Richard Samuel has written an article for New Law Journal on ‘Achieving best evidence in the civil courts’. In the article published on 19th October 2018, Richard considers whether a power to hear pre-recorded direct evidence would help judges maintin high standards of justice.
Achieving best evidence in the civil courts
Richard Samuel considers whether a power to hear pre-recorded direct evidence would help judges maintain high standards of justice.
In some cases, oral evidence is more important than in others. In those cases, it is often the oral evidence of just one or two witnesses that really counts. In contract cases those witnesses will be the people who attended the meeting at which an agreement is said to have been concluded, but of which there is no written record. In tort cases it will be the child who witnessed the accident. In both a criminal case and a civil case brought in tort, it will be the evidence of a student who says she was sexually assaulted on a date in freshers’ week.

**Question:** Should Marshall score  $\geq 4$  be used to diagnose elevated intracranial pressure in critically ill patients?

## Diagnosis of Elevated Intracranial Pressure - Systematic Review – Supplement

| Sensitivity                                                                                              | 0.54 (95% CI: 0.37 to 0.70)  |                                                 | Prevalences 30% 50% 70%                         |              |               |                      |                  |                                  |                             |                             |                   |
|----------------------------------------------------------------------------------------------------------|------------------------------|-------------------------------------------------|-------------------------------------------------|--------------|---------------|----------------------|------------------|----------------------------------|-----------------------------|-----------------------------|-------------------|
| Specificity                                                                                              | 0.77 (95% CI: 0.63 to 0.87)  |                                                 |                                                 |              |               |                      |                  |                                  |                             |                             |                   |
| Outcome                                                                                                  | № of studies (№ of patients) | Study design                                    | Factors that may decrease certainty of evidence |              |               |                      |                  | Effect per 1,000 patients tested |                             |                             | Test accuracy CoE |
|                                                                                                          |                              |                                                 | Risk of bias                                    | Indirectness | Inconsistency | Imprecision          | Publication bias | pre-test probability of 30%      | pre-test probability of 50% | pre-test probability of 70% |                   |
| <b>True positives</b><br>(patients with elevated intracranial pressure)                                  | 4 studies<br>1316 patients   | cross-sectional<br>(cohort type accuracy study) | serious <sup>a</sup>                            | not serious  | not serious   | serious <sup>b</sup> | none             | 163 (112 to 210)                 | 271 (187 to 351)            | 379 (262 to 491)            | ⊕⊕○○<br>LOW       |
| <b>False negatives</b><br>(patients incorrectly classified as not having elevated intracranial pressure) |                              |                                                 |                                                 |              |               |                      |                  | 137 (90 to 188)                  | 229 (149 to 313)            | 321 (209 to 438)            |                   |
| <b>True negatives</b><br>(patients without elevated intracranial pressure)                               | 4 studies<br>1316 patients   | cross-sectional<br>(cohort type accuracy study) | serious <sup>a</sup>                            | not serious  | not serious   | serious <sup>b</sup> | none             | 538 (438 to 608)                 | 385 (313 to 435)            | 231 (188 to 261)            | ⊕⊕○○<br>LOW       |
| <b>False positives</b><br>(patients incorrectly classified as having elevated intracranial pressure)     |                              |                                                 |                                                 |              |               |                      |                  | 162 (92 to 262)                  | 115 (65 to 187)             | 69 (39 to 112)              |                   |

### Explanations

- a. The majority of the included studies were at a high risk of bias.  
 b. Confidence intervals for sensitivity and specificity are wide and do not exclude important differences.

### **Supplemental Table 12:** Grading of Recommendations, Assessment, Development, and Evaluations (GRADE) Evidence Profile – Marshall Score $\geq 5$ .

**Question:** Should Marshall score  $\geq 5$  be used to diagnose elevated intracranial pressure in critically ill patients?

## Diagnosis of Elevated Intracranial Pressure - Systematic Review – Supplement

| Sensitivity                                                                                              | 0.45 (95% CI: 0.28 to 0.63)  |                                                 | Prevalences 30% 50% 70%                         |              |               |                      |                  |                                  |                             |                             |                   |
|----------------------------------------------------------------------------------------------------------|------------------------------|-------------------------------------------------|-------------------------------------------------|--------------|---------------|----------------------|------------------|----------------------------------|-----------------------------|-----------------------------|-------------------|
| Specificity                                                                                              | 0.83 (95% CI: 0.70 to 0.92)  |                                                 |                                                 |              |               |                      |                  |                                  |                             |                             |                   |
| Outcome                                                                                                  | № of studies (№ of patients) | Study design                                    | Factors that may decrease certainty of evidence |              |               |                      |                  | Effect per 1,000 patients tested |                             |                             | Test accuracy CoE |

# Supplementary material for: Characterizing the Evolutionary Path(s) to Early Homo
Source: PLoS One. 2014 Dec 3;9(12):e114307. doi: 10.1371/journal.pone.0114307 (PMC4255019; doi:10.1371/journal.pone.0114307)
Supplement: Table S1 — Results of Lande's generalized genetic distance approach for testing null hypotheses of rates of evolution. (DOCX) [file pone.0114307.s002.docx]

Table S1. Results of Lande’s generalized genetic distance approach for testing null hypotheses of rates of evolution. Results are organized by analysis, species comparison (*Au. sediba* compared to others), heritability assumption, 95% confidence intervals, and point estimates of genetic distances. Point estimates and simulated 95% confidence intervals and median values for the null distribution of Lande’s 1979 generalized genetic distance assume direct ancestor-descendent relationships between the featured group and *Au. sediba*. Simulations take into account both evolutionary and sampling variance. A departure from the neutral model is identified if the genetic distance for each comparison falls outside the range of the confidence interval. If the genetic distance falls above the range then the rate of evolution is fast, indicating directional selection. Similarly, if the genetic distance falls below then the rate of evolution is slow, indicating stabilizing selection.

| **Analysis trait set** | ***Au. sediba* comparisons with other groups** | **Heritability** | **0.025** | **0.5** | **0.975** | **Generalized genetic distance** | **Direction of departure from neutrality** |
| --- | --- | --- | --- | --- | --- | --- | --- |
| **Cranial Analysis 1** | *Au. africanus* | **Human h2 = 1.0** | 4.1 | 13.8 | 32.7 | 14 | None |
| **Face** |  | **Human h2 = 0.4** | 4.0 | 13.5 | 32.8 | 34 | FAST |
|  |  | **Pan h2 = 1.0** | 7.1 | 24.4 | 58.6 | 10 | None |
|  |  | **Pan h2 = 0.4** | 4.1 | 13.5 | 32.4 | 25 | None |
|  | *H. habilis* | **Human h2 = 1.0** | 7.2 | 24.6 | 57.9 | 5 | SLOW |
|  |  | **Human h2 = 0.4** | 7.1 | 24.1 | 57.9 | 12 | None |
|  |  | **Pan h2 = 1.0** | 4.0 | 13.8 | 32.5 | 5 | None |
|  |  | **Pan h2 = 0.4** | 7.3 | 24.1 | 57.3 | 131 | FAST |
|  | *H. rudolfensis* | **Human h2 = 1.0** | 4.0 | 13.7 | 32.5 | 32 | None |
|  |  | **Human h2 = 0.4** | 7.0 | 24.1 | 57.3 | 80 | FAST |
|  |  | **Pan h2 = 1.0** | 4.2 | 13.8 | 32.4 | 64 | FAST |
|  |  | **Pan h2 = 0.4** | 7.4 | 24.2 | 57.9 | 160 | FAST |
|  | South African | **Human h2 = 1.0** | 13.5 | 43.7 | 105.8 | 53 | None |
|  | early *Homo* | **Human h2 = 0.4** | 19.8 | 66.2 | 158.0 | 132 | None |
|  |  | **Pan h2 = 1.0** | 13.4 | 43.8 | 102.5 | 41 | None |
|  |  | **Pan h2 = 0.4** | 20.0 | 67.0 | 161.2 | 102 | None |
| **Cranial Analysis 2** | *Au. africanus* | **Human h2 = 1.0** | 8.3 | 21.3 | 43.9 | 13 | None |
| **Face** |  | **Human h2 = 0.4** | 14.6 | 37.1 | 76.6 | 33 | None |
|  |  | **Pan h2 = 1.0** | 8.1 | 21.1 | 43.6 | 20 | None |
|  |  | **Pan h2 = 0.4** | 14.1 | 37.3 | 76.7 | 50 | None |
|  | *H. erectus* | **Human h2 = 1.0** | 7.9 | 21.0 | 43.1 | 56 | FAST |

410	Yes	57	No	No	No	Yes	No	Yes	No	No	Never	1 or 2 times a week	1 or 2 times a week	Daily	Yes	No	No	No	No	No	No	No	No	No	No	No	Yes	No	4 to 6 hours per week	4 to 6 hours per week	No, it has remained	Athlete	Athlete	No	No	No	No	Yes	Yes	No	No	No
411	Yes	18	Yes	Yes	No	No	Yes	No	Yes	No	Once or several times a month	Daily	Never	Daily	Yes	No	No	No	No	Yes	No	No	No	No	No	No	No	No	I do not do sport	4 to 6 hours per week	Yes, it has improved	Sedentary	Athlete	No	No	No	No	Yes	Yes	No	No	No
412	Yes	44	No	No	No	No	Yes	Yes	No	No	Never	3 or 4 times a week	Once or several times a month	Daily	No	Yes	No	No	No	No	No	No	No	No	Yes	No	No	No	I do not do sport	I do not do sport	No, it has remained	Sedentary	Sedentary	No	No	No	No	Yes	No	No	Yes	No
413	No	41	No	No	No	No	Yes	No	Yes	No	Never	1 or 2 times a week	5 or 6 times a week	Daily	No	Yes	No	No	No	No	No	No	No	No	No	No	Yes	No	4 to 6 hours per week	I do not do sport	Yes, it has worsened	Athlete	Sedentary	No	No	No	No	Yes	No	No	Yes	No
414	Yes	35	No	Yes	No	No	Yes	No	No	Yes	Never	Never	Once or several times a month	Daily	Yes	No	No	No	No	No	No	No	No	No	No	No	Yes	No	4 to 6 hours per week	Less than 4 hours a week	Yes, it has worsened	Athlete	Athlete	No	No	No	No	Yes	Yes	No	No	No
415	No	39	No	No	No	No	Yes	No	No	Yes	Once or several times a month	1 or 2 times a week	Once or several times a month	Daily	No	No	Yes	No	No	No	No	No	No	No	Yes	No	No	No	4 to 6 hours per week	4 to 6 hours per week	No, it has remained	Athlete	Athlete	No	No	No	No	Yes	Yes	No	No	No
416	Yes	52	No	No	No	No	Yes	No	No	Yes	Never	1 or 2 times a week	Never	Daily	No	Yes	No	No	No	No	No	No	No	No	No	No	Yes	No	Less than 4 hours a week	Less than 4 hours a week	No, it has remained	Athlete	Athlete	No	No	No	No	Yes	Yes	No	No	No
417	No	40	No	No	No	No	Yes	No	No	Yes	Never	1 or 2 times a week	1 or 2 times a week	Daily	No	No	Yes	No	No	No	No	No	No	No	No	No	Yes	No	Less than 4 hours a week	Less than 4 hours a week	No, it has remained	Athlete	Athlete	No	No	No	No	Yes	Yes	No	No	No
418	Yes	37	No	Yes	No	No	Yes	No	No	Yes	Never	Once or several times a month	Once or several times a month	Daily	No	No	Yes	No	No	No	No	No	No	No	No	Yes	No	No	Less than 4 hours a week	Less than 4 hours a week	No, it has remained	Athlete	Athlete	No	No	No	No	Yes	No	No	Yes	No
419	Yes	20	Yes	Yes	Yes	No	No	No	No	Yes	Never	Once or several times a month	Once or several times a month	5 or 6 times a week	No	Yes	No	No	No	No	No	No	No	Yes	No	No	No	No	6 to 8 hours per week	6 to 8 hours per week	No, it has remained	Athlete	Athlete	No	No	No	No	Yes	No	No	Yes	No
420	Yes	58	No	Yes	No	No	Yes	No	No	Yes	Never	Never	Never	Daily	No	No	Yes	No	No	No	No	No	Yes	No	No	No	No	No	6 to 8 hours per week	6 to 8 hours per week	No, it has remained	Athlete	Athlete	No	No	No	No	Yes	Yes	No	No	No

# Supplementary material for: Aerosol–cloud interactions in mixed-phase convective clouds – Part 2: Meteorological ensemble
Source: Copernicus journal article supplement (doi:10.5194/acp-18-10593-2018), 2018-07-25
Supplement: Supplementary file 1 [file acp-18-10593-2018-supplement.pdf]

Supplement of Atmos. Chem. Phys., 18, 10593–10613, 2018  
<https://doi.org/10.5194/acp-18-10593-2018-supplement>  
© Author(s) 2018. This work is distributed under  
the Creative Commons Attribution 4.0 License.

What tools do our civil judges have to deal with such cases? How do they employ them? CPR 32.4 requires that witness evidence for trial trials is set out for the court in a written witness statement. Indeed CPR 32.10 ordinarily makes a witness statement a pre-condition to a witness giving evidence and, under CPR 32.5(2), it will normally stand as his or her evidence in chief. After a couple of questions in chief from counsel ‘settling’ a witness, she is turned over to opposing counsel for the ordeal of cross-examination. The standard approach in CPR 32 serves the overriding objective the civil courts have set for themselves at CPR 1.1, primarily because it allows the other side to know the evidence brought against them and it saves court time at trial.
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